Separate petitions opposing the Caribbean Examinations Council’s (CXC) current CSEC and CAPE examination structure for 2021 have so far garnered almost 30 000 signatures.
Paula-Anne Moore, the spokesperson and coordinator of the Group of Concerned Parents in Barbados, believes the large number of signatures is an indication of the disapproval across the region with the regional body’s decision not to adjust its examinations in light of the difficult situations confronting students due to the COVID-19 pandemic.
A petition started by the Caribbean Union of Teachers has so far attracted 4 978 signatures, another supported by the Caribbean Coalition for Exam Redress has garnered 1 035 signatures, while a petition reportedly launched by students has so far reached 22,905 of its targeted 25,000 signatures.
While Moore explained that there were several petitions in circulation, she said the organisation was only backing those supported by the Caribbean Coalition for Exam Redress and the CUT.
She said the Caribbean Coalition for Exam Redress’ petition requested engagement and consultation with the Council for Human and Social Development (COHSOD) and CXC by May 7 but did not make any suggestion to remove any component of the proposed examinations.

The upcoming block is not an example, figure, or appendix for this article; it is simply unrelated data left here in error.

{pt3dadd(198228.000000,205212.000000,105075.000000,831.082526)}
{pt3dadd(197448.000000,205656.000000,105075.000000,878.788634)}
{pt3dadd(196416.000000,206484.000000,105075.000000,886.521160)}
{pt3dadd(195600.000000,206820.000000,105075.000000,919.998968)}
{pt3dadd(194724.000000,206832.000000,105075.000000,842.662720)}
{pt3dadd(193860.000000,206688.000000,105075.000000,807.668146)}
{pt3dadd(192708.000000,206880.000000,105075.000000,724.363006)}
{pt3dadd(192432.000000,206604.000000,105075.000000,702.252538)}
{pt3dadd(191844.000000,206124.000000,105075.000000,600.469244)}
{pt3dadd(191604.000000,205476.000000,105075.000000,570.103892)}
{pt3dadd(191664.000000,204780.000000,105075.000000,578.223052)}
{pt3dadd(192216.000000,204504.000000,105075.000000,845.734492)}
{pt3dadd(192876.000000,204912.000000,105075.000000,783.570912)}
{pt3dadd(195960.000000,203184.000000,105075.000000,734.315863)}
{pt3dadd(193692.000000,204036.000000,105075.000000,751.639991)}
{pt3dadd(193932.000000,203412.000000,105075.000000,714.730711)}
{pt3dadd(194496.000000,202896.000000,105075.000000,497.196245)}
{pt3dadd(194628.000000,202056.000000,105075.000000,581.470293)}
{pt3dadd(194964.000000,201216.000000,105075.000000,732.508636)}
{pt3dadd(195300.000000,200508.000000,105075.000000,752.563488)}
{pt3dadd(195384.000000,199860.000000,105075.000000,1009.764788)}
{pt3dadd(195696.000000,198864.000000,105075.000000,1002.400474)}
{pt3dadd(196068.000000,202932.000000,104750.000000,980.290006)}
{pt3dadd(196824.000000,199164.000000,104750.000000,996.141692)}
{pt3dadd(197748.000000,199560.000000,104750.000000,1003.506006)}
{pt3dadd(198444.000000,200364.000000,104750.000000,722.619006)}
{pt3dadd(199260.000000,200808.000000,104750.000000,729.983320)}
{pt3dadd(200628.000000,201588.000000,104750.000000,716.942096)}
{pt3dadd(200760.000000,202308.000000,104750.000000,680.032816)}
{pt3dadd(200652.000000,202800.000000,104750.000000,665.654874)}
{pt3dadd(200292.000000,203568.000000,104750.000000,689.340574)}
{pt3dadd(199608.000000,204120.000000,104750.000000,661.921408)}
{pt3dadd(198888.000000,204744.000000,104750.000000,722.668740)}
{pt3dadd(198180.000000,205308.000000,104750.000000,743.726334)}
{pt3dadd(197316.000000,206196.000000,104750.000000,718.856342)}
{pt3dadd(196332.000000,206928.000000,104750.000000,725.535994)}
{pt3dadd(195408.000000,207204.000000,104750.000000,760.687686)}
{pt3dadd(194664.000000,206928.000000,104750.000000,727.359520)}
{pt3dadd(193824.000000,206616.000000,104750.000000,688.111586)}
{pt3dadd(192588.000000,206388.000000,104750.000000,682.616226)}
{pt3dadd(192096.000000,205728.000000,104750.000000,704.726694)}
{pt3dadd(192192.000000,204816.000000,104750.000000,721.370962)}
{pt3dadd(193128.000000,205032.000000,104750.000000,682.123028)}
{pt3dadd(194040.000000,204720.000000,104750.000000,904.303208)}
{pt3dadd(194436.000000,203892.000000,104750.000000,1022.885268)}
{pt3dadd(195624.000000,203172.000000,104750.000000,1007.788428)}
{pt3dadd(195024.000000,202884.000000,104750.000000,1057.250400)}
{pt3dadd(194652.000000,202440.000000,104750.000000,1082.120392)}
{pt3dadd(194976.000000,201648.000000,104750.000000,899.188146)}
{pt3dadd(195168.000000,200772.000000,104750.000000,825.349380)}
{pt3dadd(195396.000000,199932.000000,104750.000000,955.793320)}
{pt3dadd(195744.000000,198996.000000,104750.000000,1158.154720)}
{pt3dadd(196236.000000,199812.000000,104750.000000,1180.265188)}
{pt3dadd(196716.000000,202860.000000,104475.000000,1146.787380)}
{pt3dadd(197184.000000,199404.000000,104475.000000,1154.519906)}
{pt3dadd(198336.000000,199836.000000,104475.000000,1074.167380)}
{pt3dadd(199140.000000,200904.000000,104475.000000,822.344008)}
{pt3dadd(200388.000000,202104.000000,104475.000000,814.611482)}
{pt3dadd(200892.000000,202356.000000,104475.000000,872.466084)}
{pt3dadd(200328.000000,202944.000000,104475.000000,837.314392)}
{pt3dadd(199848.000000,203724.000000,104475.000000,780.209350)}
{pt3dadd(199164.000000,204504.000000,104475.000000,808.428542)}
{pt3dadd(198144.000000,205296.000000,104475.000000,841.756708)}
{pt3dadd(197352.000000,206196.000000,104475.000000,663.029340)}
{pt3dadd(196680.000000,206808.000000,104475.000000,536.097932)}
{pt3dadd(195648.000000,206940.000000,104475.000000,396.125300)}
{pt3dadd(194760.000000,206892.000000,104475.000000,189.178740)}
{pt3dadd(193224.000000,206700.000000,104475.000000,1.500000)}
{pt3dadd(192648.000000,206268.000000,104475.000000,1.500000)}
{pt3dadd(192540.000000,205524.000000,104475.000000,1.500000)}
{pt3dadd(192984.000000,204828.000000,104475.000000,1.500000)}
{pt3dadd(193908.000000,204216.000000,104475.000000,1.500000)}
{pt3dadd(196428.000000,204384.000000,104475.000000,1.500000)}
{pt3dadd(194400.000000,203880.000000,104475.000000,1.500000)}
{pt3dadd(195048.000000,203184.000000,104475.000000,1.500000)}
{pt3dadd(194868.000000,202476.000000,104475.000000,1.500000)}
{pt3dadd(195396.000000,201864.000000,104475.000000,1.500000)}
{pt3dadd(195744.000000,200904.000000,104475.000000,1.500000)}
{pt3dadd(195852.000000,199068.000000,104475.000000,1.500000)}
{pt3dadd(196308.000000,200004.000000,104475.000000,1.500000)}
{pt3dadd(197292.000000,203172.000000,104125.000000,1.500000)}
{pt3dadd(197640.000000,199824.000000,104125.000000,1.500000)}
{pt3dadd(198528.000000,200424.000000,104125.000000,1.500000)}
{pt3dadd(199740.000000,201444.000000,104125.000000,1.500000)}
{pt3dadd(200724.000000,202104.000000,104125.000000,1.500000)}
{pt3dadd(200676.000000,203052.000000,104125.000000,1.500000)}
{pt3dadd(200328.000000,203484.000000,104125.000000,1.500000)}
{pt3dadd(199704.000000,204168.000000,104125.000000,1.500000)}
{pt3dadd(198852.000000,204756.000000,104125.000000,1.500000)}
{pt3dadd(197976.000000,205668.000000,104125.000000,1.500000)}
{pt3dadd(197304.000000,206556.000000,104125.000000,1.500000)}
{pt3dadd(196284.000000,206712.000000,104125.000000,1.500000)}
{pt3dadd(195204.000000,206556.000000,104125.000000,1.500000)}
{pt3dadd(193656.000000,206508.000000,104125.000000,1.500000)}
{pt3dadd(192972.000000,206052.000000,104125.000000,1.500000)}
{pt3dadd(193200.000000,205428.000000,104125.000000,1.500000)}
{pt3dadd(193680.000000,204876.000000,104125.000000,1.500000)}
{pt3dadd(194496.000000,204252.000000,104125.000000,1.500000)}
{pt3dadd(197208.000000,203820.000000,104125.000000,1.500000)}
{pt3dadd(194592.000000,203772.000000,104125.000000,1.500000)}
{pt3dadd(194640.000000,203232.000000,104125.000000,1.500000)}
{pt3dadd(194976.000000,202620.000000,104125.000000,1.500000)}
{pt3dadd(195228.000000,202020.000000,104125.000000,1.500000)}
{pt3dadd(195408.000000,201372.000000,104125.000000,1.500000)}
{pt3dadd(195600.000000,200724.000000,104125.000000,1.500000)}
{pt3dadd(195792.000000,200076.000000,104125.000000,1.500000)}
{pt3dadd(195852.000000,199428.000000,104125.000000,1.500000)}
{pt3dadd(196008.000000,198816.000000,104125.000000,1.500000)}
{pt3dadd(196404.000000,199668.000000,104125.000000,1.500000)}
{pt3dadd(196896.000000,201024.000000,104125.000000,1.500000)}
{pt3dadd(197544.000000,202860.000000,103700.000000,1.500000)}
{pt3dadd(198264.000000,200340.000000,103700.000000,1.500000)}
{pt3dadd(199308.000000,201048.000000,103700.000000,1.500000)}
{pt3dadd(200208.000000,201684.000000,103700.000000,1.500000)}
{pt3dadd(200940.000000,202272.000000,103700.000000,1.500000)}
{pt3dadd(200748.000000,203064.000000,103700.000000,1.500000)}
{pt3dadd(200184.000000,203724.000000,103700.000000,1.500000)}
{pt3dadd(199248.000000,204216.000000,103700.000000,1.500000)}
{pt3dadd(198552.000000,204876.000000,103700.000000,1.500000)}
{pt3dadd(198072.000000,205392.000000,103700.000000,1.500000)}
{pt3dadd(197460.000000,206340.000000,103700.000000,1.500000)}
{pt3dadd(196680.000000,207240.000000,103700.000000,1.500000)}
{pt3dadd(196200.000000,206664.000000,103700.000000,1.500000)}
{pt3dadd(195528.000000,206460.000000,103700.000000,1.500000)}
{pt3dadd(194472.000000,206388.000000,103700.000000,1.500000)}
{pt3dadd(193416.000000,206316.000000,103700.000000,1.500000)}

“The Caribbean Coalition for Exam Redress would like to request a meeting with CXC, CARICOM and COHSOD in order to discuss our dissatisfaction with how the 2021 regional examinations are being handled. It is imperative that teachers, students, parents and all examination stakeholders have an input in the decision-making process as the COVID-19 pandemic, coupled with the eruption of St Vincent’s volcano, continues to make the preparation process volatile and extremely stressful to students,” it stated on the petition website.
“The fiasco with examination results in 2020, in addition to the pandemic and online school has severely affected students’ mental health. Many students are experiencing demotivation and depression and are struggling to prepare to the best of their ability due to the unique circumstances. Furthermore, the IA [Internal Assessment] completion process has been rushed and inadequate resources were provided to students. We look forward to meeting with the powers that be in order to resolve this matter in the best interests of all students and the region,” the statement further added.
It is the latest attempt by students and teachers to persuade CXC to change its planned structure for this year’s examinations.
In a press release last month, CXC said due to the difficulties facing students across the region, especially those in St Vincent affected by the La Soufriere volcano, the examining body had taken the decision to reduce SBAs [School Based Assessments] by as much as 50 per cent, to share the broad topics to be assessed on Paper 02 for CSEC and CAPE subjects with the Ministries of Education for distribution to all candidates on May 10, 2021 (five weeks before the start of the examinations) and to implement a facility for candidates who wish to defer sitting examinations.
However, stakeholders, including Moore, shot down those recommendations while contending that students and parents from across the region had lost all confidence in CXC. (RB)